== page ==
Unless you have a special reason for keeping him in a side pull, I'd pitch it and put him in a bridle. At 4, in my experience anyway, horses enter what I call the "what-will-happen-if-I-decide" stage and this is when they start testing you. They are over the "I'm-not-sure-about-this" cautious stage, through the routine "I-get-it" stage and into the figuring out what they can and cannot do with what they know stage. And this horse has just learned that, if he chooses to, he can out-horse you - and he's likely to try it again - not because you didn't get back on, but because you couldn't control or stop him. Unless he's a psychic there is no way he could know that you couldn't get back on, only that you didn't. And let's face it, if you had of been able to get back on, would you have had any better control of him than you did before he bolted? I guess what I'm trying to say is it's not always a good thing to "get back up there" if nothing has changed. Did he take off after the fall, or did you lead him home? If you led him home, then he still didn't get home on his terms, but yours. If he took off and left you, then he made it home on his own terms, without you. Most horses don't realize how their riders got on the ground, they don't make the immediate connection between dethroning riders by bucking or bolting until it happens again. Because of this, I don't blindly subscribe to the "get back on them" mentality. I judge whether or not I can address what went wrong and work the horse through it if I remount. If I was badly shaken or hurt I usually won't remount as I don't want to risk a repeat performance which would be worse! The last thing I want to do after losing control or being thrown is remount simply to "show him whose boss" or because I "can't let him get away with that". If at any time I feel like I have to prove something to the horse, I step back and address it another day…on my terms and my time, not his. At other times I may know what went wrong, remount and work through it at that time.
    03-31-2011, 12:44 PM
Just a thought, why don't we go back in the horses training and see what is broken. Everyone seems to want to look for a mechanical fix to the situation. I do not want to take anything away from the person that trained this horse, but something in the foundation is lacking.
I have been training for years, and to blame the horse is human nature. We all have time constraints, "Git her done" but that usually comes back and bites us on the ass. This is an example and I am very sorry you got hurt.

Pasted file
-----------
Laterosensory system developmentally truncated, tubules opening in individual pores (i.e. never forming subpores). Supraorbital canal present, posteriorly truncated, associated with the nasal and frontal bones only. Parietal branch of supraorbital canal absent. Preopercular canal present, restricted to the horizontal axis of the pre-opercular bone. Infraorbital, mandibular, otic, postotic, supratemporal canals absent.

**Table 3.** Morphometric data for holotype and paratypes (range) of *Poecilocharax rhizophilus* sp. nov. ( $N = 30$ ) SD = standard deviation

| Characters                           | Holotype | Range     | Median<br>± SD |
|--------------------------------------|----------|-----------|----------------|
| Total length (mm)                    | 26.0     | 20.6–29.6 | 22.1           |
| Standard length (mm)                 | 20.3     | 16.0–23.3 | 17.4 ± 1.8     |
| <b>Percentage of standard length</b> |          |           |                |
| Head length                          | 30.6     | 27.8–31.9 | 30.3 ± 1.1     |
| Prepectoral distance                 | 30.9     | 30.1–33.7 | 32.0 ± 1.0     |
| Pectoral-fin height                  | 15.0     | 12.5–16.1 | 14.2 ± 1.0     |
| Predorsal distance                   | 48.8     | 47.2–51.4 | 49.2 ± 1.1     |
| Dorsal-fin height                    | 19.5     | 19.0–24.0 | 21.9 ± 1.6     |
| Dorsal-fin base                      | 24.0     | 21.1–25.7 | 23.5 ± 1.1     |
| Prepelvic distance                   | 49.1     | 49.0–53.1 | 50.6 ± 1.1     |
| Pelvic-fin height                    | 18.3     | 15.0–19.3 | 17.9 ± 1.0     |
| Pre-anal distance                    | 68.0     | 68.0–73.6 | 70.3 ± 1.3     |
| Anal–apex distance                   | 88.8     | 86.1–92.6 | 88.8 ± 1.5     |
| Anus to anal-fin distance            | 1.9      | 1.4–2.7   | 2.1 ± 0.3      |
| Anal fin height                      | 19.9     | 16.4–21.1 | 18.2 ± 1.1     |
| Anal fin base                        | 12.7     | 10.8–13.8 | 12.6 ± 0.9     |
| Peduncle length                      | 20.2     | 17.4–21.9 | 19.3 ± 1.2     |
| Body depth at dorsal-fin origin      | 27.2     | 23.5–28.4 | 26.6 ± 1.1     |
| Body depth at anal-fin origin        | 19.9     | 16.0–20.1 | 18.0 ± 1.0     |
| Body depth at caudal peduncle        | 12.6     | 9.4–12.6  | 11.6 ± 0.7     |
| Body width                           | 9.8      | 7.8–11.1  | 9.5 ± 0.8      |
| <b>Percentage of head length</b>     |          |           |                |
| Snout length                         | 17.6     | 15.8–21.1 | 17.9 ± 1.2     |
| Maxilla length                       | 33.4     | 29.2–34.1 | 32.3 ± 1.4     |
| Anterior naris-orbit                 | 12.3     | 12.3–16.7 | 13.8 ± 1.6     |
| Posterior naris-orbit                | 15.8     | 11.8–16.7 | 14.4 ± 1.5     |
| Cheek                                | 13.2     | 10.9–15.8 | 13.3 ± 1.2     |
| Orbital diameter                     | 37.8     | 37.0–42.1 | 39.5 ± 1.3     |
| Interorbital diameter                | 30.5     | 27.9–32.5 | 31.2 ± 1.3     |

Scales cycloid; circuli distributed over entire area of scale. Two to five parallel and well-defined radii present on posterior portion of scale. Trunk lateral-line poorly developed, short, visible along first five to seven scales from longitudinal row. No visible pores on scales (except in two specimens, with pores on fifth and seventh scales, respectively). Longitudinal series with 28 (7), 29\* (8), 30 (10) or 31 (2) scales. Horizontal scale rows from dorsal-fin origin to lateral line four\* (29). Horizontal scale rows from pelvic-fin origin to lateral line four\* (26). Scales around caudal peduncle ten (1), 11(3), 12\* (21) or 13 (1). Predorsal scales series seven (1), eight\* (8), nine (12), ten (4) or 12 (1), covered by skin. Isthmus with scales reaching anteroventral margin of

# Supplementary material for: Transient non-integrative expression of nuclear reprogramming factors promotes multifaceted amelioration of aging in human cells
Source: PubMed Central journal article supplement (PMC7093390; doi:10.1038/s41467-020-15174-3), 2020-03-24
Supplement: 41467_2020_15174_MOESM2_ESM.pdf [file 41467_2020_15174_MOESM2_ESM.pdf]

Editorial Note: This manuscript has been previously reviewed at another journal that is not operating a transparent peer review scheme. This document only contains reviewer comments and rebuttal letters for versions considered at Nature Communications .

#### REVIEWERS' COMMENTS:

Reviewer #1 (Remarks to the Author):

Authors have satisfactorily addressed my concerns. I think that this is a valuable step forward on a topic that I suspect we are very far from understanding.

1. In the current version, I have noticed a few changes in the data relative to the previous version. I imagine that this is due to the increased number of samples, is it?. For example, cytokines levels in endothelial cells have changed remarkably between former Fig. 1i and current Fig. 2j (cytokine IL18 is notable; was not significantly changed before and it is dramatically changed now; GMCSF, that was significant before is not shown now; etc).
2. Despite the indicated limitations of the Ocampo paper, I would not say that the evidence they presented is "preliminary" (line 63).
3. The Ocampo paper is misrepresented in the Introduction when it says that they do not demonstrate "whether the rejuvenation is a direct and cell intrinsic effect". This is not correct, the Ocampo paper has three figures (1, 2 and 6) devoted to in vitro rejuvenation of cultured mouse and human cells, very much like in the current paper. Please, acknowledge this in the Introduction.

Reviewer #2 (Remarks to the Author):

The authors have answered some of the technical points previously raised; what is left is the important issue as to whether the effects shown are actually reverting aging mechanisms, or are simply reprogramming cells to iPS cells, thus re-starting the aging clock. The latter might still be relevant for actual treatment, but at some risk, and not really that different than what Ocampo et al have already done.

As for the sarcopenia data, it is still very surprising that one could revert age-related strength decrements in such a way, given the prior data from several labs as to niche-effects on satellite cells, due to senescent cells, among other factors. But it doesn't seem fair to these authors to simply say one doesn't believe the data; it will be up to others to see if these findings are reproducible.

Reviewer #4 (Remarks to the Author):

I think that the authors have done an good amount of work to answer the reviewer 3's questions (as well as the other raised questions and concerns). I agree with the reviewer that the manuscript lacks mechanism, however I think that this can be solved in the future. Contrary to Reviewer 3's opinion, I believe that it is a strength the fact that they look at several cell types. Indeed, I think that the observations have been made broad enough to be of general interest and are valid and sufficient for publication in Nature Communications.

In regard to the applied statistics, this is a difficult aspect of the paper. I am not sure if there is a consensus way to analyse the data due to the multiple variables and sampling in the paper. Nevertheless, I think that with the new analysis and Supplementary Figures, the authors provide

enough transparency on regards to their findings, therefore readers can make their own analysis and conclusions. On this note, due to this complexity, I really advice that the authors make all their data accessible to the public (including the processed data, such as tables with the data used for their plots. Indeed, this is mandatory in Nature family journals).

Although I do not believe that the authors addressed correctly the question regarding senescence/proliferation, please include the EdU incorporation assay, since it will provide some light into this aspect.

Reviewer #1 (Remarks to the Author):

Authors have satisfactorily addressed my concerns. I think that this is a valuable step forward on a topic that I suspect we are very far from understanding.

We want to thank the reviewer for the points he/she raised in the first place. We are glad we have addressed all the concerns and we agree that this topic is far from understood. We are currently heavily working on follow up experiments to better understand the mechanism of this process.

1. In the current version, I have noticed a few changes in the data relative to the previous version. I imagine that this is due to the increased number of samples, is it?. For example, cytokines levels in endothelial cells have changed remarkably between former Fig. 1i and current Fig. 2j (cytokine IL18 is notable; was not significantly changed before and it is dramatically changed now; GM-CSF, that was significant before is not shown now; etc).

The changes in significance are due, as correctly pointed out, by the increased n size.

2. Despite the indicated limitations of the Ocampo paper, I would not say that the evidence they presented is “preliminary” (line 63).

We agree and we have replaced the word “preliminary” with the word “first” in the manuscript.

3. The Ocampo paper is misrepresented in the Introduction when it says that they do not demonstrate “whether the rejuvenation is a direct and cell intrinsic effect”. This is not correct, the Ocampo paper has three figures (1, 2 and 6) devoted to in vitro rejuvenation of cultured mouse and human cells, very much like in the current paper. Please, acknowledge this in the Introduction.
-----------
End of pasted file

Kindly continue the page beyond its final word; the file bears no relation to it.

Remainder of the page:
What if we go back and look at the basic training, something there is slightly out. Maybe the horse got the idea was not pushed hard enough to make it go pop so we could fix it. When we train we need to push our horses to find out what sets them off. This does not need to be mean or nasty, it is more about setting them up so we can correct.
Years ago I had a mustang gelding I was training, he was a huge brute that was well trained. What he was was a ticking time bomb. So long as he wanted to do what you wanted to do he was a great horse. The instant he got bored, he headed home and there was nothing anyone could do.
Gor three days I rode this horse in a corral, doing the exact oppisite of what it wanted to do. If it wanted to walk we went to the trott, or lope. It wanted to go left we went right. You get the idea.
At the end of the three days this big old boy lost it, it5 was the explosion from hell. He reared, took off on his back feet and I was not sure if he was going all the way. When he decided to come back down, he was the nicest boy you could want. To this day those folk still think I created some miracle. All I did was piss their horse off and showed him that I was still there. Soon as he realized I was not going away he stopped all the attitude.
    03-31-2011, 12:48 PM
PS Bits are for enhanced communication, not brakes.
    03-31-2011, 01:58 PM
Question about the pulley rein. I'm assuming by practicing and starting off slow, this prevents the horse from learning to rear? Watching the video, I was almost expecting him to rear. Is this a common reaction or was I over-anticipating what he would do?
    04-01-2011, 08:55 AM
I thought it would make them rear too, which is why I tried it. I have a mare that has reared on me and I didn't want to encourage it. It doesn't. And if you think about it, when you use it, you are in forward motion. For the horse to rear, he has to come to a stop and then rear. Well before he stops you release the pulley rein anyway as you have accomplished what was needed. Having tried it, I don't think even at a stop that the PR would encourage a rear.

dangerous, runaway